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  1. The Ethics of Cloud Computing.Boudewijn de Bruin & Luciano Floridi - 2017 - Science and Engineering Ethics 23 (1):21-39.
    Cloud computing is rapidly gaining traction in business. It offers businesses online services on demand (such as Gmail, iCloud and Salesforce) and allows them to cut costs on hardware and IT support. This is the first paper in business ethics dealing with this new technology. It analyzes the informational duties of hosting companies that own and operate cloud computing datacenters (e.g., Amazon). It considers the cloud services providers leasing ‘space in the cloud’ from hosting companies (e.g, Dropbox, Salesforce). And it (...)
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  • Gruesome Freedom: The Moral Limits of Non-Constraint.John Lawless - 2018 - Philosophers' Imprint 18.
    Many philosophers conceive of freedom as non-interference. Such conceptions unify two core commitments. First, they associate freedom with non-constraint. And second, they take seriously a distinction between the interpersonal and the non-personal. As a result, they focus our attention exclusively on constraints attributable to other people’s choices – that is, on interference. I argue that these commitments manifest two distinct concerns: first, for a wide range of options; and second, for other people’s respect. However, construing freedom as non-interference unifies these (...)
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  • Agency in Social Context.John Lawless - 2017 - Res Philosophica 94 (4):471-498.
    Many political philosophers argue that interference threatens a person’s agency. And they cast political freedom in opposition to interpersonal threats to agency, as non-interference. I argue that this approach relies on an inapt model of agency, crucial aspects of which emerge from our relationships with other people. Such relationships involve complex patterns of vulnerability and subjection, essential to our constitution as particular kinds of agents: as owners of property, as members of families, and as participants in a market for labor. (...)
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  • Heteronomous Citizenship: Civic Virtue and the Chains of Autonomy.Lucas Swaine - 2010 - Educational Philosophy and Theory 42 (1):73-93.
    In this article, I distinguish personal autonomy from heteronomy, and consider whether autonomy provides a suitable basis for liberalism. I argue that liberal government should not promote autonomy in all its citizens, on the grounds that not all members of liberal democracies require autonomy for a good life. I then outline an alternative option that I call a liberalism of conscience, describing how it better respects heteronomous citizens. I subsequently clarify how a liberalism of conscience is different than, and superior (...)
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  • Education for Critical Thinking: Can It Be Non‐Indoctrinative?Stefaan E. Cuypers & Ishtiyaque Haji - 2006 - Educational Philosophy and Theory 38 (6):723–743.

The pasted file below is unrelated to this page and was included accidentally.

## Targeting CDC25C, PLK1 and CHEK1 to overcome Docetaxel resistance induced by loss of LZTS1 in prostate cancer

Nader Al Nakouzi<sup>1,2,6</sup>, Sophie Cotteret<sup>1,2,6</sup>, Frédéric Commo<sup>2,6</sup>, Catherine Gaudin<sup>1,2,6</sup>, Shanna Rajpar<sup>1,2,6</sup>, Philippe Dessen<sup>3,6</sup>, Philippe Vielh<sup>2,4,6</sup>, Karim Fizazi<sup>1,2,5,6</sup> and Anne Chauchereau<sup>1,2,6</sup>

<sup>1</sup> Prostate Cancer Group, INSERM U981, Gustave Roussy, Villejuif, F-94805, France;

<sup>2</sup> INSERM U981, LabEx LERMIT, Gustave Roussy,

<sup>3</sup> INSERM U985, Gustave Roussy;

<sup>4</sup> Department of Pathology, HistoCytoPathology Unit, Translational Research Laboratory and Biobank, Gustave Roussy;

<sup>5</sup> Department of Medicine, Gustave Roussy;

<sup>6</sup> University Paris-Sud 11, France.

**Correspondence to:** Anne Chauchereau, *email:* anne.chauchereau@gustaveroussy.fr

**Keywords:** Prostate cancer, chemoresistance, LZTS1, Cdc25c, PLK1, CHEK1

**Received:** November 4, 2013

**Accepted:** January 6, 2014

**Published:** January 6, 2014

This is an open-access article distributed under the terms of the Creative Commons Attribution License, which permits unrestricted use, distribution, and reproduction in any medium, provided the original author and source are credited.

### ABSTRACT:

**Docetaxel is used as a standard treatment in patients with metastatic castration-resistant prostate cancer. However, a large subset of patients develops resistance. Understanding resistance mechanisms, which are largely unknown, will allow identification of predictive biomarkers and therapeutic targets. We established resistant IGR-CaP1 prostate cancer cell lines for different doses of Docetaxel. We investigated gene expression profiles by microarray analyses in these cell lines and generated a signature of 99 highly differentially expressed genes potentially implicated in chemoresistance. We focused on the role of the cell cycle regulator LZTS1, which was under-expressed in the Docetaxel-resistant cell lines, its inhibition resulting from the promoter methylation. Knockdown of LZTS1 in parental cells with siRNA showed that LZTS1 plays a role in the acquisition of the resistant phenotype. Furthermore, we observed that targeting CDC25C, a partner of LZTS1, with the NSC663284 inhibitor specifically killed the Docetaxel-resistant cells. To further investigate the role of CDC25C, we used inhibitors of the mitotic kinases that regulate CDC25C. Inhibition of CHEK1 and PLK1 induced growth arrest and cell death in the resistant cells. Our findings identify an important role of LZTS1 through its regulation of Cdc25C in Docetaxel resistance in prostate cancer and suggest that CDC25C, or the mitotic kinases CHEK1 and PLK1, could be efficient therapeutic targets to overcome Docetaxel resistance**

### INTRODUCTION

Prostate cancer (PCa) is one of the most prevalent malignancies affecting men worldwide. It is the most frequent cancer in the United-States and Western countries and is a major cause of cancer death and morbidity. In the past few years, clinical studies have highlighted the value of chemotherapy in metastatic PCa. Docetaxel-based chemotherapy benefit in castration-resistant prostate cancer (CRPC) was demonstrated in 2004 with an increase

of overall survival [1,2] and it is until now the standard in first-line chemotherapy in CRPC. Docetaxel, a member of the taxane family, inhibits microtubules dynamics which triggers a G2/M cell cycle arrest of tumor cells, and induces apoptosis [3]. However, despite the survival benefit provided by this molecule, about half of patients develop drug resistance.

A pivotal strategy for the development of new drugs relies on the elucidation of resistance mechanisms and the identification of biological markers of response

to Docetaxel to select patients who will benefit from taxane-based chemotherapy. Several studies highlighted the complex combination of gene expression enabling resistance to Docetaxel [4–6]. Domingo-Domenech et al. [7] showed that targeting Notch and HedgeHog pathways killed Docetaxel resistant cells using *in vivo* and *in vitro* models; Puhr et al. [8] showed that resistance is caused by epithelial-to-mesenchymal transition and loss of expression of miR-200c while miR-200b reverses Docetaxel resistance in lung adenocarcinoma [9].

An ideal of education is to ensure that our children develop into autonomous critical thinkers. The ‘indoctrination objection’, however, calls into question whether education, aimed at cultivating autonomous critical thinkers, is possible. The core of the concern is that since the young child lacks even modest capacities for assessing reasons, the constituent components of critical thinking have to be indoctrinated if there is to be any hope of the child's attaining the ideal. Our primary objective is to defuse this objection. (...)
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  • The Concept of Voluntary Consent.Robert M. Nelson, Tom Beauchamp, Victoria A. Miller, William Reynolds, Richard F. Ittenbach & Mary Frances Luce - 2011 - American Journal of Bioethics 11 (8):6-16.
    Our primary focus is on analysis of the concept of voluntariness, with a secondary focus on the implications of our analysis for the concept and the requirements of voluntary informed consent. We propose that two necessary and jointly sufficient conditions must be satisfied for an action to be voluntary: intentionality, and substantial freedom from controlling influences. We reject authenticity as a necessary condition of voluntary action, and we note that constraining situations may or may not undermine voluntariness, depending on the (...)
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  • The Politics of Self‐Respect: A Feminist Perspective.Diana T. Meyers - 1986 - Hypatia 1 (1):83 - 100.
    Recent liberal moral and political philosophy has placed great emphasis on the good of self-respect. But it is not always evident what is involved in self-respect, nor is it evident how societies can promote it. Assuming that self-respect is highly desirable, I begin by considering how people can live in a self-respecting fashion, and I argue that autonomous envisaging and fulfillment of one's own life plans is necessary for self-respect. I next turn to the question of how societal implementation of (...)